The Qur’an as an Analogue and Explication of Creation

The Qur’anic word, to Muslim understanding, partakes of the divine. Consider the following passage, which seems to summon its hearers/readers to a kind of natural theology:

Truly, in the creation of the heavens and the earth and the alternation of night and day and in the ship that sails in the sea, carrying things useful to the people, and in the water that God sends down from the sky so that he enlivens the earth after its death and disperses animals throughout it, and in the change of the wind and the subservient clouds between heaven and earth, there are signs [ayat] for thoughtful people. (2:164; compare 6:96–97; 45:3–5)

Significantly, the term used for the “signs” of the natural realm (ayat) is the same Arabic word used to denote the individual verses of the Qur’an. Thus, nature, properly viewed, becomes a revealed “book” very much like the Qur’an itself, composed of individual “signs” or “miracles”:

Truly, in the creation of the heavens and the earth and the alternation of night and day there are signs [ayat] for those of understanding, those who remember God standing, sitting, and lying on their sides, and who contemplate the creation of the heavens and the earth: “Our Lord, you did not create this for nothing!” (3:190–91)

(The identification of miracles as signs pointing to the divine recalls the equivalent usage of the Greek word semeia in the New Testament gospel of John.) “Do they not look at the sky above them,” the Qur’an asks of the unbelievers, “how we have built it and adorned it without flaw? And the earth, how we spread it out and cast into it firmly-rooted mountains and caused to grow in it every delightful pair, as a sight and a reminder for every repentant worshiper?” (50:6–8; compare 67:2–5). Such passages imply that the ultimate condemnation of the pagan polytheists will be just, even if they never heard the message of the Qur’an itself, because they had before them the book of nature and its clear testimony to the existence, beneficence, and oneness of God.19

Moreover, we are admonished to read the signs of nature correctly: “Among his signs [ayat] are night and day, the sun and the moon. Do not bow before sun and moon, but bow before God, who created them” (41:37; compare 6:75–79). The symbols were not created for their own sake but are intended to point beyond themselves. God does not speak to unbelievers and will not do so even on the Day of Resurrection and Judgment (2:118, 174; 3:77).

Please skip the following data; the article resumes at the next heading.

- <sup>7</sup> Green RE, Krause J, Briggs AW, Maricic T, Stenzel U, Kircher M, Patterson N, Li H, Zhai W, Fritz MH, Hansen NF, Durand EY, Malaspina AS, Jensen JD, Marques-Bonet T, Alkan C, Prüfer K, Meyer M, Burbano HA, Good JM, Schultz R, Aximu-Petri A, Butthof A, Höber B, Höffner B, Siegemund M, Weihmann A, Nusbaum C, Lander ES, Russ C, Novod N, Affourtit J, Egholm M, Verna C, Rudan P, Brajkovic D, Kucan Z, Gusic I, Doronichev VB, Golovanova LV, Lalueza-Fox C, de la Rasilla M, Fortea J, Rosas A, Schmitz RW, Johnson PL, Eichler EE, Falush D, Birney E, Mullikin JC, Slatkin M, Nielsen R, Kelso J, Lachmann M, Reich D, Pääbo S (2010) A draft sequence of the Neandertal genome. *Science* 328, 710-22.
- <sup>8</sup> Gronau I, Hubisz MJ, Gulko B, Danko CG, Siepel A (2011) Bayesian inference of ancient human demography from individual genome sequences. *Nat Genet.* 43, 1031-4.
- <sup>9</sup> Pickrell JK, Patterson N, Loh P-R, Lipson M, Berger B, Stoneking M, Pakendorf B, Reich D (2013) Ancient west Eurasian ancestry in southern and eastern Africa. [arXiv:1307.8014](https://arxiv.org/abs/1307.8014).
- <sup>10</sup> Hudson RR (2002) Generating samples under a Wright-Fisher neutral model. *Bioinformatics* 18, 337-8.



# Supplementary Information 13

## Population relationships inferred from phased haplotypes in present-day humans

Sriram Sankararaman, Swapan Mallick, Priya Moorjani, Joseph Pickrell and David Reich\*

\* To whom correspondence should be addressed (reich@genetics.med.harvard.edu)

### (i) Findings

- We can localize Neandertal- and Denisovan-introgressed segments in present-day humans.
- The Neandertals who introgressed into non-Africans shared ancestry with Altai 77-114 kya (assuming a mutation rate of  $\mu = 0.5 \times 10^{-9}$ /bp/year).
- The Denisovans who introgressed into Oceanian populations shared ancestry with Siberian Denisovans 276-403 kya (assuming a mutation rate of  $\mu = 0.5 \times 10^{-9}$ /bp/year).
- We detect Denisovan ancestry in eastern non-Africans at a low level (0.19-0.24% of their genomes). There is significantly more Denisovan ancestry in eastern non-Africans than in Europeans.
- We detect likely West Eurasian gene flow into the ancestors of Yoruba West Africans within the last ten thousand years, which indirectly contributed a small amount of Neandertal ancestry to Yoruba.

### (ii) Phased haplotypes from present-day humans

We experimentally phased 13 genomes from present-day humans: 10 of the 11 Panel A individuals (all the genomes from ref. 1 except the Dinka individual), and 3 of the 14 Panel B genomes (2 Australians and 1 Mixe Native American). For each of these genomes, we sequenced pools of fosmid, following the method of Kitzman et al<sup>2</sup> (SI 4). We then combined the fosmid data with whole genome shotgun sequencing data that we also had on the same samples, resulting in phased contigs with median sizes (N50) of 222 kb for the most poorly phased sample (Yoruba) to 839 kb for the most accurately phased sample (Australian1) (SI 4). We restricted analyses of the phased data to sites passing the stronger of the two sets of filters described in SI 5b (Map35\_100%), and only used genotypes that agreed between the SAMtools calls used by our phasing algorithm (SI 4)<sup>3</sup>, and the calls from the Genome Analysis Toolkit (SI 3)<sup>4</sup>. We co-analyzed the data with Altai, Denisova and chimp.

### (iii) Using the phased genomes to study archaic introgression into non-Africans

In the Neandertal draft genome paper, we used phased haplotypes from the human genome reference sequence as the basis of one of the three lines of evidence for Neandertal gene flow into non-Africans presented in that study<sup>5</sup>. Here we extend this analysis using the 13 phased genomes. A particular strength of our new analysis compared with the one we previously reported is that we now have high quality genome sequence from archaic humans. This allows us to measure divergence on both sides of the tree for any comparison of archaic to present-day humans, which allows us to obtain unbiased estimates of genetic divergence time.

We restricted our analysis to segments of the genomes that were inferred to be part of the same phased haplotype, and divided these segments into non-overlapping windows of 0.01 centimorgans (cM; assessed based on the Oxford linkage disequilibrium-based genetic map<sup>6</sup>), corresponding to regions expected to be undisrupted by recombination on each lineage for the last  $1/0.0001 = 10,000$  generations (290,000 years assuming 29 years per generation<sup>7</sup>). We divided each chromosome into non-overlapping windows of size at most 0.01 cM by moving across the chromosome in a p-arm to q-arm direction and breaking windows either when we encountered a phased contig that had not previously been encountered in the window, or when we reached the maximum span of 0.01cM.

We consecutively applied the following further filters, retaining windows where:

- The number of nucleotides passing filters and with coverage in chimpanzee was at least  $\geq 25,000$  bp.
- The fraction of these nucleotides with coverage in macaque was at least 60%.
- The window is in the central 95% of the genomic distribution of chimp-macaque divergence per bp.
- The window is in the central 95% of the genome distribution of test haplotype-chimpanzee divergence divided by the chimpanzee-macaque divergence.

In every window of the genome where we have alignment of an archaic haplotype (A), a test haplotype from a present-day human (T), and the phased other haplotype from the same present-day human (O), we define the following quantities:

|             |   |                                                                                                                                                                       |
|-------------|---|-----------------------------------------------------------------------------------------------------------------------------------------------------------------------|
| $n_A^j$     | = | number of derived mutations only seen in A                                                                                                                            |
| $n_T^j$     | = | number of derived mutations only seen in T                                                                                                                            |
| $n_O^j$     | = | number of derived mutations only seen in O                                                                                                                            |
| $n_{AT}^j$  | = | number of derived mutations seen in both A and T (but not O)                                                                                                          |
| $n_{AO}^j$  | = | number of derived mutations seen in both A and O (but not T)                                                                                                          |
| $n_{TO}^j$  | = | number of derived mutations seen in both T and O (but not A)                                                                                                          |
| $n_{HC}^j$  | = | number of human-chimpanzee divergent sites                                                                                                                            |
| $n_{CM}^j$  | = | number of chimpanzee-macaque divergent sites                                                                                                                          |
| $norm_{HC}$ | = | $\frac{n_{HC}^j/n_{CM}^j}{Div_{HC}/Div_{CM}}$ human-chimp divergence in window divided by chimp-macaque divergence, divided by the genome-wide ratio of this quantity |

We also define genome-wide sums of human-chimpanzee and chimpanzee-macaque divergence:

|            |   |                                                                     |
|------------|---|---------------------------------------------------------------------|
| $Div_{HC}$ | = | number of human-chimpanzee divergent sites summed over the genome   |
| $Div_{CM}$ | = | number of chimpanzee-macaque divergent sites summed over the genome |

Although the creation of the heavens and earth was, in some sense, a greater achievement than the creation of man (40:57; 79:27–30), that cannot mean that it was more difficult. For the Qur’an stresses God’s utter freedom in creation and the sublime effortlessness with which he acts (4:133; 5:17; 14:19–20; 35:16–17; 42:49; 46:33; 50:38). The most dramatic assertion of his creative power in the Qur’an is the repeated declaration that he has merely to say to a thing “‘Be!’ and it is” (kun fa-yakun) (3:47, 59; 6:73; 16:40; 19:35; 36:82; 40:68; 54:49–50). One can hardly fail to be reminded here of the divine command in Genesis 1:3, “Let there be light!” (fiat lux) or of Ptah’s creation, by creative words, of the gods in the Memphite theo­logy of ancient Egypt. (The name Ptah may indeed be cognate with the Arabic verb fataha, “to open.” The first sura of the Qur’an is the Fatihah, “the opener.”)

Traditional understandings to the contrary, however, it does not seem that such passages entail a doctrine of creation ex nihilo (creation out of nothing).20 Indeed, in several of the passages where the phrase kun fa-yakun occurs, creation ex nihilo is excluded by the context; in no passage is it required. Thus the subject of suras 3:47, 3:59, and 19:35 is the virginal conception of Jesus, whom, the second passage affirms, God first created from dust, then said to him kun fa-yakun. This order of creation points up a striking characteristic of passages containing this phrase: 2:117 is typical of them in stating that God “decrees a matter [amr]” and then “says to it [la-hu] ‘Be,’ and it is” (compare 3:47 and 40:68). Several other passages actually speak of a “thing [shay’]” to which God says kun fa-yakun (6:73; 16:40; 19:35; 36:81–82; and 40:68; compare 54:49–50). There seems to be an underlying and preexisting substrate to which the divine imperative is addressed, as clearly is the case in the story of the Sabbath-breakers who are told “Be ye apes [kunu qirdatan]!” (2:65; 7:166). The command kun! would therefore seem to be determinative or constitutive rather than productive of something out of utter nothingness. But in either case, the power of the divine word, of divine language, is unmistakably manifest.